Experience History Through Music {a review}

I'm having such a great time being part of the Diana Waring Launch Team for the Experience History Through Music set.

One reason is that I've always adored Laura Ingalls Wilder, and one of the three books in this set is Musical Memories of Laura Ingalls Wilder.  My dad read aloud from the Little House books on camping trips, and I totally fell in love with Laura.  I ended up reading, and re-reading, and re-re-reading the entire series multiple times as a child.  I had a love/hate relationship with the television series, but at least for the first few seasons, I did enjoy it.

And one of my favorite family vacations ever was to DeSmet, SD.

When I started homeschooling, one thing I heard about early on was the fabulous book and tape about the music in the Little House books.  However, it was out of print... and even though I kept my eyes open, I never did find a used copy.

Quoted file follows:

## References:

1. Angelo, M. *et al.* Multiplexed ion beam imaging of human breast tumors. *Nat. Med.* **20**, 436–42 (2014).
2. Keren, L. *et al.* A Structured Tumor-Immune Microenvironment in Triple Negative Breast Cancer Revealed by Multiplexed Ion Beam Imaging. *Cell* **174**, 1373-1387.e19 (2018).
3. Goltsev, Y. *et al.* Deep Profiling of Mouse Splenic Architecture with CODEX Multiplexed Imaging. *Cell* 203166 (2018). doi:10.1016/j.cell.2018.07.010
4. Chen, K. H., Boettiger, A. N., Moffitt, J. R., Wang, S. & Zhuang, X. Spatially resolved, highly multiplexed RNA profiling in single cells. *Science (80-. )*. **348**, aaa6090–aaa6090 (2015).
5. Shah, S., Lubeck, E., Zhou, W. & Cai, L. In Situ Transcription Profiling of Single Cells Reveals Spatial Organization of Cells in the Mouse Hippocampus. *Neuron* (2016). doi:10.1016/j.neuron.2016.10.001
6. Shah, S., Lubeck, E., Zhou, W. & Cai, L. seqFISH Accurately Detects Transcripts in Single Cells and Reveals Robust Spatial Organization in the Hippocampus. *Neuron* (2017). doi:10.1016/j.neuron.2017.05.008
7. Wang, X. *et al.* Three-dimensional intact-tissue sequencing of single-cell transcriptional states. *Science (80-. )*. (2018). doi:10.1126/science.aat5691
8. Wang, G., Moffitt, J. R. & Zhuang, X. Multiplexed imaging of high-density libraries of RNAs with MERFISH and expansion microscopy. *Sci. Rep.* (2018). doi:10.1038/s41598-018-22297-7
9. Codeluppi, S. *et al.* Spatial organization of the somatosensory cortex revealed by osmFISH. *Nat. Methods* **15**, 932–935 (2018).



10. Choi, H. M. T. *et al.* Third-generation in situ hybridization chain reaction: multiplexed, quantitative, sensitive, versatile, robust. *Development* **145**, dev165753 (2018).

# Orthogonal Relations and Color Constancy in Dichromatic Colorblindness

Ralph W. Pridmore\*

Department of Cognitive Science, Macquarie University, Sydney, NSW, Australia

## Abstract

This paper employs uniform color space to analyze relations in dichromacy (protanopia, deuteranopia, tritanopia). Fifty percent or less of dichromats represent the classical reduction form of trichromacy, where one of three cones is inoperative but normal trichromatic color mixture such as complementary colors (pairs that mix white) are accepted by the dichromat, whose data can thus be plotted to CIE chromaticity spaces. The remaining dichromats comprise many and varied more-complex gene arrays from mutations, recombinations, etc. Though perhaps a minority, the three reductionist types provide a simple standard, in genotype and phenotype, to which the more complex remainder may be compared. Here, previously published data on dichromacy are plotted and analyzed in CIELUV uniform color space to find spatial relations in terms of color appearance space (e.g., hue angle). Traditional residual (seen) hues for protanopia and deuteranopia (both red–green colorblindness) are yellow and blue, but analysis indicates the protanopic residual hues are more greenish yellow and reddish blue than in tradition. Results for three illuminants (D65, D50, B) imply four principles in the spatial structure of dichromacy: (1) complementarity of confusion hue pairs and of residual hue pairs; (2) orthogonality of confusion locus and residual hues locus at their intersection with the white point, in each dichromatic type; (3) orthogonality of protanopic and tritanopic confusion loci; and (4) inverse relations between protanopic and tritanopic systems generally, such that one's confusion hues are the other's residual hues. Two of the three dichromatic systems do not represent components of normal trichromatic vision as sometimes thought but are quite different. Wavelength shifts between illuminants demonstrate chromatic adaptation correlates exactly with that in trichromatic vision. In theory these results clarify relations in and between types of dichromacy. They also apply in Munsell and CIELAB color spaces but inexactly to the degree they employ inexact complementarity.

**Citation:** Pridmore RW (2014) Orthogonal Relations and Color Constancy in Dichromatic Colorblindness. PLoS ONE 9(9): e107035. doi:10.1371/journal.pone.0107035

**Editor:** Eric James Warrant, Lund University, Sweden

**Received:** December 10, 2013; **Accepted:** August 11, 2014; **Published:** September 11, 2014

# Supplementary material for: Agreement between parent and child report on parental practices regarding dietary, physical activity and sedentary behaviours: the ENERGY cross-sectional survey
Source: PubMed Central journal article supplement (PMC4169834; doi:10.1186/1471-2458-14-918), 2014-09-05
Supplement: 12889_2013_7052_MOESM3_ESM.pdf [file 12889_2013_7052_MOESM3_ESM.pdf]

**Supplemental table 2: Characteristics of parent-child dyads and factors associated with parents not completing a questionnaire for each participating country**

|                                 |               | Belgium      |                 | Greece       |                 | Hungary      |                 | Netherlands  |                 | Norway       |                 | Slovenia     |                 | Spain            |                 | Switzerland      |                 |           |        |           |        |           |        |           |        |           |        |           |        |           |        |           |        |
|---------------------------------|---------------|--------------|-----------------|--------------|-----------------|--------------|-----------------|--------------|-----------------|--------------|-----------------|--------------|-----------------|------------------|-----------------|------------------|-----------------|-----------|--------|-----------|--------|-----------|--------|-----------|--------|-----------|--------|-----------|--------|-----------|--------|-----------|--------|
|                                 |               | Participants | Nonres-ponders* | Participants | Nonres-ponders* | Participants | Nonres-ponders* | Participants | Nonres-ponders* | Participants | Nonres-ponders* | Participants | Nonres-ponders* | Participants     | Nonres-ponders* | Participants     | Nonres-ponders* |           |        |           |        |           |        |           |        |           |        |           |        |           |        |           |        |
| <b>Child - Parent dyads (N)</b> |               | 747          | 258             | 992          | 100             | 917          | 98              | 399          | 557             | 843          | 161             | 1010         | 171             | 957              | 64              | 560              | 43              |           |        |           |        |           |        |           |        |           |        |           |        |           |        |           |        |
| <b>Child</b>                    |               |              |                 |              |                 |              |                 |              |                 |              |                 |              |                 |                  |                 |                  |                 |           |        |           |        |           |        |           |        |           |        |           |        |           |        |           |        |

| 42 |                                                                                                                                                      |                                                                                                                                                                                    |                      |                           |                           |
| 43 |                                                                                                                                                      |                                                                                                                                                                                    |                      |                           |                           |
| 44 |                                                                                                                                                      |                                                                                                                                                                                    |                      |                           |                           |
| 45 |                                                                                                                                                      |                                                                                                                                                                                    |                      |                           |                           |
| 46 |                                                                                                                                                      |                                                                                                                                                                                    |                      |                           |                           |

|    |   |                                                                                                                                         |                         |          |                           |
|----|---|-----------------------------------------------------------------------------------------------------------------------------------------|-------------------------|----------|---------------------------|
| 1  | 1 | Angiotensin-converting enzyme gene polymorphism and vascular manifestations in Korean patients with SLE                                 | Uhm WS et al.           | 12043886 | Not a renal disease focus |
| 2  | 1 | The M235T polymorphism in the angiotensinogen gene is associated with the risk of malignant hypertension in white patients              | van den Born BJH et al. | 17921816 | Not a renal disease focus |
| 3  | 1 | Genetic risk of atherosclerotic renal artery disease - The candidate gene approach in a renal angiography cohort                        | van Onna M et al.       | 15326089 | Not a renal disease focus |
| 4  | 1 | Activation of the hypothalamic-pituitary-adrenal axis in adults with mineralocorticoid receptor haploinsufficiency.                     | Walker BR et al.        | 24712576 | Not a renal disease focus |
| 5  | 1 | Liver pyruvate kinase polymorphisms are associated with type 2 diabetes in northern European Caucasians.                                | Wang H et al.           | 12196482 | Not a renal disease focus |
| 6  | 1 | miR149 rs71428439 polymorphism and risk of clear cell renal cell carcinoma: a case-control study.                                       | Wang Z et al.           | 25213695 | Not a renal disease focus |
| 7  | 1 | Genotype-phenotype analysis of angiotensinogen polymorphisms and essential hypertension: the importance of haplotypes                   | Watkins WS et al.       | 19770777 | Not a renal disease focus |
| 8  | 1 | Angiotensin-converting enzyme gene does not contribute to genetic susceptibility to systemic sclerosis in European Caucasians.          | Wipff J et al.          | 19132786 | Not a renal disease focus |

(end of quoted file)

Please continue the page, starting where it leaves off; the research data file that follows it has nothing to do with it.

According to stories I'm seeing now, the originals were lost for the entire series, and there wasn't an option to republish it on CD (or even on tape!) without recreating the whole thing.  After lots of prayer, and a few miracles, the entire series is back.  And I got a chance to review it.

Fabulous.  Simply fabulous.  All three books.

How this is set up:

All three sets are similar.  Each contains over a dozen songs, and each song is professionally recorded on the accompanying CD.   Each song has a couple page story in the book, including wonderful black and white photos, and in the back is the sheet music including all of the lyrics.
You obviously have some options as to how you want to use these.  We started by reading the introduction in Westward Ho! The Heart of the Old West, then reading the information on the first song (Apple Picker's Reel) and then listening to that song.  I didn't allow the kids to listen to more, because I'm mean like that. The next day, we read about the second song (Boll Weevil) and I allowed them to listen to both of the first two songs.

For America, The Heart of a New Nation, however, I let the kids listen to the entire CD, and we are gradually reading through the stories.